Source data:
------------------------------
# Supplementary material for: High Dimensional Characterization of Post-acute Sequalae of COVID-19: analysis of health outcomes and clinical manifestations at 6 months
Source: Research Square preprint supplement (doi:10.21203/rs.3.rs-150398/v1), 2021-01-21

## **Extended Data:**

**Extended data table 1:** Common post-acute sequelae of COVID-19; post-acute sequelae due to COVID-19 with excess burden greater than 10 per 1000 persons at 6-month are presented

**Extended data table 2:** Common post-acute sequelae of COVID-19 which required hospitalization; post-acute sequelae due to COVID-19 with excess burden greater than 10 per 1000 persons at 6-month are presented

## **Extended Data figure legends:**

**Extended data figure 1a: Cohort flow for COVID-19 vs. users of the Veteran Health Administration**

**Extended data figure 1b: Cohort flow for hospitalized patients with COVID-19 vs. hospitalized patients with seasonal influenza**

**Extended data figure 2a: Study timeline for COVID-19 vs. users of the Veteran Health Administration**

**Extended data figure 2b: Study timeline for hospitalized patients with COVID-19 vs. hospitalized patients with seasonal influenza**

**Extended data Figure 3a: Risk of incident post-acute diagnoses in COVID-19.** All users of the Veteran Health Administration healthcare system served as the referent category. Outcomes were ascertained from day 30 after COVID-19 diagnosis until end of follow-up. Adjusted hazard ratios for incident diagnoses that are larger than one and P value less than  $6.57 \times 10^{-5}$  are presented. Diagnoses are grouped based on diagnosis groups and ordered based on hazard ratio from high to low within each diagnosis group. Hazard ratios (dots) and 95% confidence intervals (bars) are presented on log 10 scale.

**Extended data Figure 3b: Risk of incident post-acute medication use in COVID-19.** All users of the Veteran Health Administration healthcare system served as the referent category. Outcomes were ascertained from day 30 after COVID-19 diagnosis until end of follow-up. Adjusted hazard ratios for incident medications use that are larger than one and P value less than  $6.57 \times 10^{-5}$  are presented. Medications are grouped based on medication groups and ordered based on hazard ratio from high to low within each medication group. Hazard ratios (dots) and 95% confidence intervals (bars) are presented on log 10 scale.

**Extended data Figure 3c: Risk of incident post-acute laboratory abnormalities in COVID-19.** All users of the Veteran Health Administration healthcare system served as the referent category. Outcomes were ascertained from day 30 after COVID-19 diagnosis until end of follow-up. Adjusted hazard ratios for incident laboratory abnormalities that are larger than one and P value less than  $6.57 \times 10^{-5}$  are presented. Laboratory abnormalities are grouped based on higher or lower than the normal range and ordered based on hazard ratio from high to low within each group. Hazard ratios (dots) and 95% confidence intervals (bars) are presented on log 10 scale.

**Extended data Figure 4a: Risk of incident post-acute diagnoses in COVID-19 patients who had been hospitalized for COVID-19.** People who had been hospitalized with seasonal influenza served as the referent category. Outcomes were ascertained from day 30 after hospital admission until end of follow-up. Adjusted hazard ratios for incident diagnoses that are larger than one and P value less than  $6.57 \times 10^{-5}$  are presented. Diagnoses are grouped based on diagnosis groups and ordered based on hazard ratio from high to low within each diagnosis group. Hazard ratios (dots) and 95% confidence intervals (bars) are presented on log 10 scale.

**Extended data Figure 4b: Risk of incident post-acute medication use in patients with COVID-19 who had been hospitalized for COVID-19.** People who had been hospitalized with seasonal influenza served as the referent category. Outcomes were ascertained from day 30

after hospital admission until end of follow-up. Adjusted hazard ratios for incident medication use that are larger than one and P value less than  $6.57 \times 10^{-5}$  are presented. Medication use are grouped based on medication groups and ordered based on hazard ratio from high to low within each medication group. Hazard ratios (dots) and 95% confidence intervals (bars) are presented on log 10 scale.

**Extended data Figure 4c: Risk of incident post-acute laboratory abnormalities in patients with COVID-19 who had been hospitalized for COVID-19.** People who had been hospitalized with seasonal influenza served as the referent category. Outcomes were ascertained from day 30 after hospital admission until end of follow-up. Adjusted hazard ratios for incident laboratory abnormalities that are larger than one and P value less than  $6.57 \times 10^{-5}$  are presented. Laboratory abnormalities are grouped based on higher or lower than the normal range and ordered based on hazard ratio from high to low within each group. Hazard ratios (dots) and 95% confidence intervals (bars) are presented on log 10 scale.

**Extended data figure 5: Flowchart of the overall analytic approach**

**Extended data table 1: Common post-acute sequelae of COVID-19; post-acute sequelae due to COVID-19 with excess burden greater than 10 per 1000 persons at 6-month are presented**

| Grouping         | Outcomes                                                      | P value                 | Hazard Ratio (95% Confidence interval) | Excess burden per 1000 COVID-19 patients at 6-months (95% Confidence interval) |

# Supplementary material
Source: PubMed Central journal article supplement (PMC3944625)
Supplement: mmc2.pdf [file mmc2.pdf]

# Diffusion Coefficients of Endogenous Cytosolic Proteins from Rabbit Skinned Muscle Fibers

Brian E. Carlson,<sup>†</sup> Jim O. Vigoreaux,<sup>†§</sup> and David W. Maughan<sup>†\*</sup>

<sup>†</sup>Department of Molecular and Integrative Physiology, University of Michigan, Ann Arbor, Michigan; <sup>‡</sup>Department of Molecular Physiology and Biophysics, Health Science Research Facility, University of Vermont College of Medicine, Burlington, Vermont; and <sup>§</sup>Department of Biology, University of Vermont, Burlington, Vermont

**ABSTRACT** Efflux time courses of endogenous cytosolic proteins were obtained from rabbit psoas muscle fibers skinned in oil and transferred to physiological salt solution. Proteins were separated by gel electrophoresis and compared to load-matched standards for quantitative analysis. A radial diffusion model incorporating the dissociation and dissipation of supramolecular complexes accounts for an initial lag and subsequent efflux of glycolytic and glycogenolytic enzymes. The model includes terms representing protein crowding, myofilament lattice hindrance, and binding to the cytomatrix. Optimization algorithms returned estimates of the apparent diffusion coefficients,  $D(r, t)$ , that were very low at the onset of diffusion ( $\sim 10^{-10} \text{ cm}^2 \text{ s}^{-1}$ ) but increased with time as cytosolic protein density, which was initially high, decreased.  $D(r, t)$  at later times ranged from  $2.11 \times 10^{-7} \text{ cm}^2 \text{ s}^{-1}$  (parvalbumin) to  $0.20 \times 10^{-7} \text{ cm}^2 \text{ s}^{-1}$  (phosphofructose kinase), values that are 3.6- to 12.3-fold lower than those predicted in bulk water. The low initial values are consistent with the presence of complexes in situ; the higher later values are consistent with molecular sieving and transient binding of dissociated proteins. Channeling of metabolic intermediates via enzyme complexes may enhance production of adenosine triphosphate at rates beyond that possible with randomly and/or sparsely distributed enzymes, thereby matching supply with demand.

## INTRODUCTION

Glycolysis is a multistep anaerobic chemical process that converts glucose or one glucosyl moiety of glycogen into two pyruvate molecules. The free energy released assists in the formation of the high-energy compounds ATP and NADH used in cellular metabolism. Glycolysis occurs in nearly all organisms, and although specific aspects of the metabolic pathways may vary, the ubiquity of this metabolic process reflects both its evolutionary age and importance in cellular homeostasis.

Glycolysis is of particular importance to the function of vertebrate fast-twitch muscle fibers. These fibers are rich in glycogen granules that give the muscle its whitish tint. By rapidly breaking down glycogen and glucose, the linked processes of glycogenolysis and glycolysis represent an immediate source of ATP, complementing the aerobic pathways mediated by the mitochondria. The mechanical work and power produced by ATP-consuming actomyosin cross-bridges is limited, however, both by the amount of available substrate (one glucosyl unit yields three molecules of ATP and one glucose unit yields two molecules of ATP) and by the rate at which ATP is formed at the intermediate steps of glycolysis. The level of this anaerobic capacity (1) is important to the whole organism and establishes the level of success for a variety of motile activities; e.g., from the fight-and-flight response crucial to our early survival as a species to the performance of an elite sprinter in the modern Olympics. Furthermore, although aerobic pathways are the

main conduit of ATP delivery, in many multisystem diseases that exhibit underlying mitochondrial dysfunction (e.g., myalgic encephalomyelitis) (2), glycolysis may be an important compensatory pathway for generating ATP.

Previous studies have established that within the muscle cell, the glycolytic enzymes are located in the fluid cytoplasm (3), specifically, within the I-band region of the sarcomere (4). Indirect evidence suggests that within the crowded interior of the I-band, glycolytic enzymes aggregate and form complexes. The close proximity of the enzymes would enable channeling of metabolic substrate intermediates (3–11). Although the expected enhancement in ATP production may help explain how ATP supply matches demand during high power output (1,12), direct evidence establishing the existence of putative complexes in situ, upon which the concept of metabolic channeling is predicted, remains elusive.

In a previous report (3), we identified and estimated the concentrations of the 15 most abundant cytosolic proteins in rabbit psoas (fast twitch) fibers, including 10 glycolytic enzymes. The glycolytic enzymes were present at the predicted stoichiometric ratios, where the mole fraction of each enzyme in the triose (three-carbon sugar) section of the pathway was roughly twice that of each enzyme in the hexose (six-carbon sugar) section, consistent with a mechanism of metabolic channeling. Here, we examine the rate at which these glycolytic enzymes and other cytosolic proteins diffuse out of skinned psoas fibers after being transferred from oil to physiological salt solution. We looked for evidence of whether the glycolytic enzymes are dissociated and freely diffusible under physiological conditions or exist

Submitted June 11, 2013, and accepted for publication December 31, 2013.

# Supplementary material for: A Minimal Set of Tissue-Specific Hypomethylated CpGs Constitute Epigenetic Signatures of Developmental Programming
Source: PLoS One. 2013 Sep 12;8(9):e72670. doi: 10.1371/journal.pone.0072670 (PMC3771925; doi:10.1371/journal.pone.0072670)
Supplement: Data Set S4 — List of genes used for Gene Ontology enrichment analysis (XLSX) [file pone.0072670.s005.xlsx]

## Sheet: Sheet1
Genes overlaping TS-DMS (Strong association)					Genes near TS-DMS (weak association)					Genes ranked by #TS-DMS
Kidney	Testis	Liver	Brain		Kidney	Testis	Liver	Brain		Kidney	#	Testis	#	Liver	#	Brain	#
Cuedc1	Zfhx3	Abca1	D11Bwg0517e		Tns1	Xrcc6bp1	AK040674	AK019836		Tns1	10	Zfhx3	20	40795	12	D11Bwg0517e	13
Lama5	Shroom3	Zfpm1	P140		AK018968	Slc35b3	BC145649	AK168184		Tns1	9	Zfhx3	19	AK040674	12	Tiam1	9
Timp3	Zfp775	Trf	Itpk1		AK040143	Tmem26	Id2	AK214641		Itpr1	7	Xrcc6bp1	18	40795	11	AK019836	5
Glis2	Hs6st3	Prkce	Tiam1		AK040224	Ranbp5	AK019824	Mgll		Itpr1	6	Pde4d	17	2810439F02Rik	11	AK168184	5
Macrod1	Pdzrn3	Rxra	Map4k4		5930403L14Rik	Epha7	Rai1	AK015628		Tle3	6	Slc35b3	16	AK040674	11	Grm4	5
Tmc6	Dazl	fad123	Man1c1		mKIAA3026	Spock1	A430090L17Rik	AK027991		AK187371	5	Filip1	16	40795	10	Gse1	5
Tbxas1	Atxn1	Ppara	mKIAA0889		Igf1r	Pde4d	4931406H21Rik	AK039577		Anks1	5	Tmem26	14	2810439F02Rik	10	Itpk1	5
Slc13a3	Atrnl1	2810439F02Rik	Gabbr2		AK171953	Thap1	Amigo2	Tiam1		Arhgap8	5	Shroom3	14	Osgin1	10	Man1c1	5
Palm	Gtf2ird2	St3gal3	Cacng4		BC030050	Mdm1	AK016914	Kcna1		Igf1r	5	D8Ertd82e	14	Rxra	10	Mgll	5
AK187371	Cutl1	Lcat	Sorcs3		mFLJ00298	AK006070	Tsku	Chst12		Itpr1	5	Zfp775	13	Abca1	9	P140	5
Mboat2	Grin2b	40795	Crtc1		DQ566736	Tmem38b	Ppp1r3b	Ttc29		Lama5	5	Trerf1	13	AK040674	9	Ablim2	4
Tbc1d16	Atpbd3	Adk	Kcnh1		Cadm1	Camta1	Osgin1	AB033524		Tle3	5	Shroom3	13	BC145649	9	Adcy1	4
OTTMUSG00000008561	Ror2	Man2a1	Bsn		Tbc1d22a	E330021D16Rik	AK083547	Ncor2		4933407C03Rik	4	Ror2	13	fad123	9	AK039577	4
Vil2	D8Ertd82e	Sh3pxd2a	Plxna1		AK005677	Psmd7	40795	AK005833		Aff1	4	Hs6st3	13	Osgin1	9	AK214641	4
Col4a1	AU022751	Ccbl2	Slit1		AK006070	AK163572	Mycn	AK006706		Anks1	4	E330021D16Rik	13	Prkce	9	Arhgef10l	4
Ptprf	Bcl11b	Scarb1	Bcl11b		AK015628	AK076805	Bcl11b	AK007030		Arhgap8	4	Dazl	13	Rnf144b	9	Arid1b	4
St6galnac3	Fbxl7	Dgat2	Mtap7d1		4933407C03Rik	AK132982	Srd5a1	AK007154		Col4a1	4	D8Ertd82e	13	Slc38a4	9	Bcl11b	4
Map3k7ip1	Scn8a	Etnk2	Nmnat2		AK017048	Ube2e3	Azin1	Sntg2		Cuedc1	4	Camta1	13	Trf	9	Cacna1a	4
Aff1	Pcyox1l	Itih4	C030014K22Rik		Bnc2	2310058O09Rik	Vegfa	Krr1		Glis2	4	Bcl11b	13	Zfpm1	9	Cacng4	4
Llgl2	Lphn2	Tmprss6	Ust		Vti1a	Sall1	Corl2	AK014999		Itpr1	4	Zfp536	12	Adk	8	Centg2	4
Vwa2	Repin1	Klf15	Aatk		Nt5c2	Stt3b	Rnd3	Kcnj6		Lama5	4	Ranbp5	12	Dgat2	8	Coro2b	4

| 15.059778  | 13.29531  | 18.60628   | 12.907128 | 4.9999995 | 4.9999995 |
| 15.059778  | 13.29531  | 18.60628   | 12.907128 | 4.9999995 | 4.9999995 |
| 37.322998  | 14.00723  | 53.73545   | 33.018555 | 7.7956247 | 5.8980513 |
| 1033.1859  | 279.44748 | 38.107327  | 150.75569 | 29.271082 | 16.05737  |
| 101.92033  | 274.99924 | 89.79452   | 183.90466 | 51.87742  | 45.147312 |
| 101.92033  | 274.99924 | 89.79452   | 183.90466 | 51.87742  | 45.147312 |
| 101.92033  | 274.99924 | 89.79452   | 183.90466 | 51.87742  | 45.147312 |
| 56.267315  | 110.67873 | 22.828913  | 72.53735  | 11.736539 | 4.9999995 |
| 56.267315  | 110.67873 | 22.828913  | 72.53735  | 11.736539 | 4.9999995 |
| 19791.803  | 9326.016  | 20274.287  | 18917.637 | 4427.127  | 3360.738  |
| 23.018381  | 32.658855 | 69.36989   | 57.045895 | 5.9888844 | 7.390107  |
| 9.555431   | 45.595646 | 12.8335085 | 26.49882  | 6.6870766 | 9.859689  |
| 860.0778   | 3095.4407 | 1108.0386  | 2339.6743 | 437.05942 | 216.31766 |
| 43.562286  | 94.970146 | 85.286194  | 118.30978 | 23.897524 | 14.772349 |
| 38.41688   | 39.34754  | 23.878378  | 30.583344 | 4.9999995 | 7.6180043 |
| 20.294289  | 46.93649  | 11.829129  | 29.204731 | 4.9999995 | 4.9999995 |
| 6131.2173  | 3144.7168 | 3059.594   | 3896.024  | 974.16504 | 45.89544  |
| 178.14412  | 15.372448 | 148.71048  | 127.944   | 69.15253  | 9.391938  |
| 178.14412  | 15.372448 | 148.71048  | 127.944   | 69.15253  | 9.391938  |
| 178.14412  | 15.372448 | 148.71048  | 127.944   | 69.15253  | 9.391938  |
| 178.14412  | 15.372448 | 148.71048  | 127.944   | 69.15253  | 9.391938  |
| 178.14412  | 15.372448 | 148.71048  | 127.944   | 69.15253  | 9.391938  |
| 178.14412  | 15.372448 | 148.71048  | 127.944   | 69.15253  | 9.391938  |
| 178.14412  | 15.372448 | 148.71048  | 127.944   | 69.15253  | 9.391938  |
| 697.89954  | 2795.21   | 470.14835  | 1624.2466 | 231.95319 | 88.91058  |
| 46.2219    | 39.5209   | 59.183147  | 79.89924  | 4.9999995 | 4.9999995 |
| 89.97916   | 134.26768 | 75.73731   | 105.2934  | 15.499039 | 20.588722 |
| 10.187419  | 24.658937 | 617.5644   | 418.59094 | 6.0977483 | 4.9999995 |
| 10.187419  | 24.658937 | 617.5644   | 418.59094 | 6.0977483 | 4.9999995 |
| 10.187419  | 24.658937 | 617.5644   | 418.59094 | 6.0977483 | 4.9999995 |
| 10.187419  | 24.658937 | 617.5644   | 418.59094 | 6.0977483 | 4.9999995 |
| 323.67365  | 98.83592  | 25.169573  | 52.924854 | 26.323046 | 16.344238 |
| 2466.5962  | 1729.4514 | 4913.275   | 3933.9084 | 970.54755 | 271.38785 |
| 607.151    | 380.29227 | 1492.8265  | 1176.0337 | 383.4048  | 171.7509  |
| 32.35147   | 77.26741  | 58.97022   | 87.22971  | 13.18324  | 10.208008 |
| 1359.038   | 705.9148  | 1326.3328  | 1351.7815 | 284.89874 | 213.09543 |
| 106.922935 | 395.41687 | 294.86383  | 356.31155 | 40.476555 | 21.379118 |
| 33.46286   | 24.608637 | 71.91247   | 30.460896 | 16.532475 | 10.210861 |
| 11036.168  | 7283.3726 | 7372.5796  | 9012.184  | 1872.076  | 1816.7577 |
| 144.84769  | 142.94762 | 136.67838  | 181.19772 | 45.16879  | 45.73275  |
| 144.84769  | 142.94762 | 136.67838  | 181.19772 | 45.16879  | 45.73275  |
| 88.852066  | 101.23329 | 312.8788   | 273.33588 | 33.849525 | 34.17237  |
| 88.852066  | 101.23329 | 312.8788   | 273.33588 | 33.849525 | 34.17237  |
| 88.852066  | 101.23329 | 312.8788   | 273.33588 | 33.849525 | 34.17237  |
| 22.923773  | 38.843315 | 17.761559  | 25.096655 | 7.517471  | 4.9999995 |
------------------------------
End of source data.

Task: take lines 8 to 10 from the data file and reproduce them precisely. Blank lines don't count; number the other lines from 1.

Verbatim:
**Extended data figure 1b: Cohort flow for hospitalized patients with COVID-19 vs. hospitalized patients with seasonal influenza**

**Extended data figure 2a: Study timeline for COVID-19 vs. users of the Veteran Health Administration**

**Extended data figure 2b: Study timeline for hospitalized patients with COVID-19 vs. hospitalized patients with seasonal influenza**